Area Forecast Discussion
Issued by NWS Detroit/Pontiac, MI

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FXUS63 KDTX 242312

Area Forecast Discussion
National Weather Service Detroit/Pontiac MI
612 PM EST Tue Jan 24 2017


Extensive low stratus to hold firm through the TAF period.  Trends
in both ceiling height and eventually visibility restrictions in
BR/FG again the issue tonight.  Recent observational trends suggest
the existing MVFR ceiling will continue into the latter half of the
evening, as just enough mixing within prevailing northwest flow
limits a more sizable downturn immediately post-sunset.  A greater
response expected thereafter during the early morning period, aided
by an increasing influence of surface ridging.  This will lead to
renewed IFR/LIFR conditions, with the potential for a period of
VLIFR fog through mid morning.  Outgoing forecast maintains a more
pessimistic outlook overall, in favor of recent pattern persistence.
Lowest conditions will exit/lift 14z-16z, the process augmented by
midday by an increasing coverage of rain showers accompanying
approaching low pressure.  This favors predominant MVFR in
showers/drizzle during the afternoon period.  Diminishing northwest
wind tonight, becoming modest southeasterly Wednesday.

For DTW...MVFR stratus locked in early tonight.  Reduction in
conditions expected to be a slower process tonight, but with an
eventual dip into LIFR still anticipated Wednesday morning. Emerging
southeast wind with approaching low pressure will help lift these
conditions by late morning /14-16z/.  Rain showers in MVFR for the
afternoon period.

//DTW Threshold Probabilities...

* High for ceiling 5000 ft or less through the TAF period.

* Moderate for ceiling aob 200 feet/visibility aob 1/4SM at times
  during the early-mid morning period.


Issued at 307 PM EST Tue Jan 24 2017


The mild southerly weather pattern will be shifting to the more
typical colder northwest winter flow over the next several days,
with temperatures falling back to near normal values over the

Sheared out upper wave/pv lifting north into the Northern Great
Lakes this afternoon, with subsidence/drying ending residual morning
showers over southeast Michigan, with further amplification off
shortwave riding this evening into Tonight expected to maintain a
dry forecast through the night.

Longwave trough axis still anchored across the Rockies Wednesday
morning. The highly positive tilted axis pinching off the mild and
moist air in the mid levels from reaching into Lower Michigan, as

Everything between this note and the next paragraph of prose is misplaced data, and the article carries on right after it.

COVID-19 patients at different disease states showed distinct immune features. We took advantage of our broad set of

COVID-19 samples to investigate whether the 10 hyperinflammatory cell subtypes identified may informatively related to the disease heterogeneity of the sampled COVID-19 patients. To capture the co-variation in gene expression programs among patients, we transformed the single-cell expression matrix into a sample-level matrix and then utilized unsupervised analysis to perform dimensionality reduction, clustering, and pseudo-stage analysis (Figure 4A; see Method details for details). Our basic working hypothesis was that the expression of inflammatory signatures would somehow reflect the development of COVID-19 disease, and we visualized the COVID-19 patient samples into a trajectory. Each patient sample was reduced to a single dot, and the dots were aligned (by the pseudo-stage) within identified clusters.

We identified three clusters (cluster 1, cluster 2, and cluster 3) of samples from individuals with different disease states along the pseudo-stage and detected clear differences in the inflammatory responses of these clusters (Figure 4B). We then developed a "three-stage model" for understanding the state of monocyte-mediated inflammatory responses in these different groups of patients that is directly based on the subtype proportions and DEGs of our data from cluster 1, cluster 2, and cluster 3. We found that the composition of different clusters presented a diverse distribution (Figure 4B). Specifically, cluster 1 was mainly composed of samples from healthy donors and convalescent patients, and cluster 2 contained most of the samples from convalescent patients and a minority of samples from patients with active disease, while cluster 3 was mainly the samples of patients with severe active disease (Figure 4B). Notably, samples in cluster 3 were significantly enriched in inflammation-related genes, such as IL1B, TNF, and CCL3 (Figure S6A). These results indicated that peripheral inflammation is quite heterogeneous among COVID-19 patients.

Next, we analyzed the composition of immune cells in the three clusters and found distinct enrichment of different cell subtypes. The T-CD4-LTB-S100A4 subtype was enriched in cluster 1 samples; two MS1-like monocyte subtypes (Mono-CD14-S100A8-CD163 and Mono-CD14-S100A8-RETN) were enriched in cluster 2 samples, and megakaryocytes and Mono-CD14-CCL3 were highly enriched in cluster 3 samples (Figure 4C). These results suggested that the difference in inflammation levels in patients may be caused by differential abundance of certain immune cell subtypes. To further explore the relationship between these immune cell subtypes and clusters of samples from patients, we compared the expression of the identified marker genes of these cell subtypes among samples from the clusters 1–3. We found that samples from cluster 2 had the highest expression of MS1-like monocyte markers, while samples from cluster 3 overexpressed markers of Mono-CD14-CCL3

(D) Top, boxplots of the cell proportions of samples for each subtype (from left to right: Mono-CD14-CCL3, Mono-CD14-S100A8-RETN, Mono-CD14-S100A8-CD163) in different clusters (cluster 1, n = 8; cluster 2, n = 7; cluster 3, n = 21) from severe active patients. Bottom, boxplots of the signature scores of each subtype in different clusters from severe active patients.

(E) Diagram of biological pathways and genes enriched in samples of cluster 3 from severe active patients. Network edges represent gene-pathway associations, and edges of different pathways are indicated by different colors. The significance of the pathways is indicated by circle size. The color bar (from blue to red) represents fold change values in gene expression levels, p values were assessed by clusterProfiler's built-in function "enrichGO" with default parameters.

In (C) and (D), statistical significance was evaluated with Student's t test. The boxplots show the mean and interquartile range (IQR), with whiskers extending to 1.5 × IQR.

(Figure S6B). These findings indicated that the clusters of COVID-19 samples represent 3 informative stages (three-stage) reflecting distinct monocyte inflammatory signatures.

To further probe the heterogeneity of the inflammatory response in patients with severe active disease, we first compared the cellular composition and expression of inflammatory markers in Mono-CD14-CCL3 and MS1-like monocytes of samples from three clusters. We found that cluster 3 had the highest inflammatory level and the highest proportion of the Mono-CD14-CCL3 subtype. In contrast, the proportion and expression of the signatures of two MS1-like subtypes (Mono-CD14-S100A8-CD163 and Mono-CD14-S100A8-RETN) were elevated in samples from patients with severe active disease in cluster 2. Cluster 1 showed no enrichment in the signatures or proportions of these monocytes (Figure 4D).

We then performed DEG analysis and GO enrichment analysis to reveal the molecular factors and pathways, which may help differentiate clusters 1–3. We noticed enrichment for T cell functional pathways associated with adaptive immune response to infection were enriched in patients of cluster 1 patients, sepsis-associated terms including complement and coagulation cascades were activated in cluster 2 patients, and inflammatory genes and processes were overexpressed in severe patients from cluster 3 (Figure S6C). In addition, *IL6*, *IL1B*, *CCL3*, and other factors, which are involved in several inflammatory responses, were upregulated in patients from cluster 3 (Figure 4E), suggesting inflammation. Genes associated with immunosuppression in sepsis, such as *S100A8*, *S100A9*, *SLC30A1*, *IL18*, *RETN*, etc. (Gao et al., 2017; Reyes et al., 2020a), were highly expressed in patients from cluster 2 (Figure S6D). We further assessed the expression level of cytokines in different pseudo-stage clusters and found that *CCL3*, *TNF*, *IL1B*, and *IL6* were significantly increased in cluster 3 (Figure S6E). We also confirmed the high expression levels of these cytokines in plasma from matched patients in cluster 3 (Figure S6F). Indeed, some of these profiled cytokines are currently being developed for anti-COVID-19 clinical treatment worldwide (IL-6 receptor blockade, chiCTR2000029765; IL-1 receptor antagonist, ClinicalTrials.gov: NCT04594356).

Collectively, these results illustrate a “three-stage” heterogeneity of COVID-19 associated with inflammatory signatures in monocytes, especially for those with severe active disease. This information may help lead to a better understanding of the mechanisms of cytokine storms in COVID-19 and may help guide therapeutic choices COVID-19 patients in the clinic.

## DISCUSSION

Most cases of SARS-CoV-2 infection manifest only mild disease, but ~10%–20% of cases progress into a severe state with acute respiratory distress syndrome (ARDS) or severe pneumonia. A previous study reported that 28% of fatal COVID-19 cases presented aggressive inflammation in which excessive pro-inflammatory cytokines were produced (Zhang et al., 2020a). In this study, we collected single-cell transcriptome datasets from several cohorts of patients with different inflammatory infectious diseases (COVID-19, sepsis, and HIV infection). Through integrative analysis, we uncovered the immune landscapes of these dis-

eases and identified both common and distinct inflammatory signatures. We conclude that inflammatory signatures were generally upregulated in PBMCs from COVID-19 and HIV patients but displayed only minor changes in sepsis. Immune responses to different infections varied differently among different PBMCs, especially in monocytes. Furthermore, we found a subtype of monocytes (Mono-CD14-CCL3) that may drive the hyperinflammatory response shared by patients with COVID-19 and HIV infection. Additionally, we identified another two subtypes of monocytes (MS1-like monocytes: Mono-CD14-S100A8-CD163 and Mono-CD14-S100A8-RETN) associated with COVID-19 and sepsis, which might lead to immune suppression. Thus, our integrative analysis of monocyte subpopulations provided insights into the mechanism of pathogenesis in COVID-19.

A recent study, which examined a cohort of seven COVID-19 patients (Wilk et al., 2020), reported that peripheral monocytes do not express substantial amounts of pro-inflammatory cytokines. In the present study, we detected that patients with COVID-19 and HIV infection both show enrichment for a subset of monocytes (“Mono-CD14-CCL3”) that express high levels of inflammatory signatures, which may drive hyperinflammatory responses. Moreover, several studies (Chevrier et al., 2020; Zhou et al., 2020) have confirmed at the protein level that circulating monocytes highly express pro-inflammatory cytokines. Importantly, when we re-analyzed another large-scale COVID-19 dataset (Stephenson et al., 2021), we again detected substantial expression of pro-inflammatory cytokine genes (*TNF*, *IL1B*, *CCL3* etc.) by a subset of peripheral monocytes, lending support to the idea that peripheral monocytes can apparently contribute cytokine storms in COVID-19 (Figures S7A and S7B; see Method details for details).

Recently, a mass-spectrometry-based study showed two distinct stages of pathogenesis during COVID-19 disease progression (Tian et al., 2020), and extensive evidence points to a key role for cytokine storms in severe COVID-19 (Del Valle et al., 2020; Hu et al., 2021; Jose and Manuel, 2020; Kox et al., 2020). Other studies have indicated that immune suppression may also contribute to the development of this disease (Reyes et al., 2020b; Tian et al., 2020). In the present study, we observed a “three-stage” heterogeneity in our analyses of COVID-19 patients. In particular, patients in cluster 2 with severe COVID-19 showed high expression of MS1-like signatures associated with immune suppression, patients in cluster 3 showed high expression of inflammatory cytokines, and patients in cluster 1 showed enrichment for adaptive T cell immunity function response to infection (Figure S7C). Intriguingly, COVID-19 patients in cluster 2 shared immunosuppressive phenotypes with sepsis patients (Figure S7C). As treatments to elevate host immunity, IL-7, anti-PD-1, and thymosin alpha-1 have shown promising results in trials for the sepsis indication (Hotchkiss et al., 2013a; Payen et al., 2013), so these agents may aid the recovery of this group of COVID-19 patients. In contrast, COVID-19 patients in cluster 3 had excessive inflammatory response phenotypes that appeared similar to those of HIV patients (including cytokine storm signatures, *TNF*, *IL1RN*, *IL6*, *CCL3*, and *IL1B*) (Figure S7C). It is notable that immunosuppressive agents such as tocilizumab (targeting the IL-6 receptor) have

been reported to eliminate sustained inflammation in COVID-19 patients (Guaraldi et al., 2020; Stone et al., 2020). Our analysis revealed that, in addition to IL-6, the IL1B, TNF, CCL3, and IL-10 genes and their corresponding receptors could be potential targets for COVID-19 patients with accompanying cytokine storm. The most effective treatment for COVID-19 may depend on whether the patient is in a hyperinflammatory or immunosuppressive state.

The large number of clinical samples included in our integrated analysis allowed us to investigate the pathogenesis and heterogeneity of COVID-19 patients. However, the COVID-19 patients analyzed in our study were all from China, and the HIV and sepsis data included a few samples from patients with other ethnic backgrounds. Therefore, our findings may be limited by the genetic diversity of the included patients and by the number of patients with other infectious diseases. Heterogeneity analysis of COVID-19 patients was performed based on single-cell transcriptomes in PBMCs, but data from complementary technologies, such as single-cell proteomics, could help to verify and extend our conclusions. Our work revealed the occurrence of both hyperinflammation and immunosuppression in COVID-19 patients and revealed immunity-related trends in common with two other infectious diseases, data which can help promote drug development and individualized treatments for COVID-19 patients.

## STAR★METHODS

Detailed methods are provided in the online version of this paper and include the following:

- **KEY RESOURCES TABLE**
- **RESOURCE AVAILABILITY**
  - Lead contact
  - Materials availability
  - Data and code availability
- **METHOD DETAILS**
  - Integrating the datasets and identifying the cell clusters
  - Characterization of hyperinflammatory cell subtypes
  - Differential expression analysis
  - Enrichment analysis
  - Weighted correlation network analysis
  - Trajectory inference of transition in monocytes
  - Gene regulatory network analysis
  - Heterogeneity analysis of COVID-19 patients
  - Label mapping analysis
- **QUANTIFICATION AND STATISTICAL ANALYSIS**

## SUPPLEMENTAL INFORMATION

average temps in the 850-700 mb layer reside in the zero to -4 C
range. None-the-less, still sufficient warm layer in the sfc-925 mb
layers to support all rain as 993-995 mb low pressure remains on
track to slide east through southern Lower Michigan, but slower
timing, Wednesday Evening/Night. Mid level dry slot seen at 700 mb
level draws in question on much rain will fall south of M-59 during
Wednesday, and could be looking at mainly drizzle if anything. With
the warmer air at 850 mb getting pinched off, NAM has backed off on
the instability, as showalter index remains solidly positive, but
still good mid level lapse rates (700-500 MB) to support a remote
thunderstorm chance, but not worthy of inclusion in zones due to the
lack of available moisture at that level.

Slower timing of the surface low will delay transition to snow
showers as well, but still would expect a good coverage (numerous)
of snow shower activity Thursday morning, with 850 mb temps falling
to at least -4 C and some lingering deformation and low level
cyclonic flow. Steep low level lapse rates and middle section of the
cloud deck also intersecting DGZ support continued mention of snow
showers into the afternoon hours.

Per 12z Euro, Upper wave/shortwave trough seen dropping south from
Ontario through the Central Great Lakes on Friday, worthy of chance
of snow showers with favorable 850 mb temps in the -11 to -13 C

Additional upper waves/re-enforcing shots of cold air over the
weekend will continue to bring a chance of snow showers, with
potential clipper system for early next week.


Weak high pressure building into the central Great Lakes will
maintain light northwest flow late today into tonight. Low pressure
over the Central Plains will lift up across the area Wednesday. This
will keep winds light though the day, but bring a good chance for
rain and snow showers. Southerly winds will increase Wednesday
evening south of Harbor Beach as a warm front lifts into the area,
but the main impact on marine interests from this next low pressure
system will be gusty winds that develop behind a cold front early
Thursday morning and persist into Saturday. Gusts to 30 knots look
possible for all areas. Colder air rushing into the region will also
bring a chance for lake effect snow showers through the end of the


Lake Huron...NONE.
Lake St Clair...NONE.
Michigan waters of Lake Erie...NONE.



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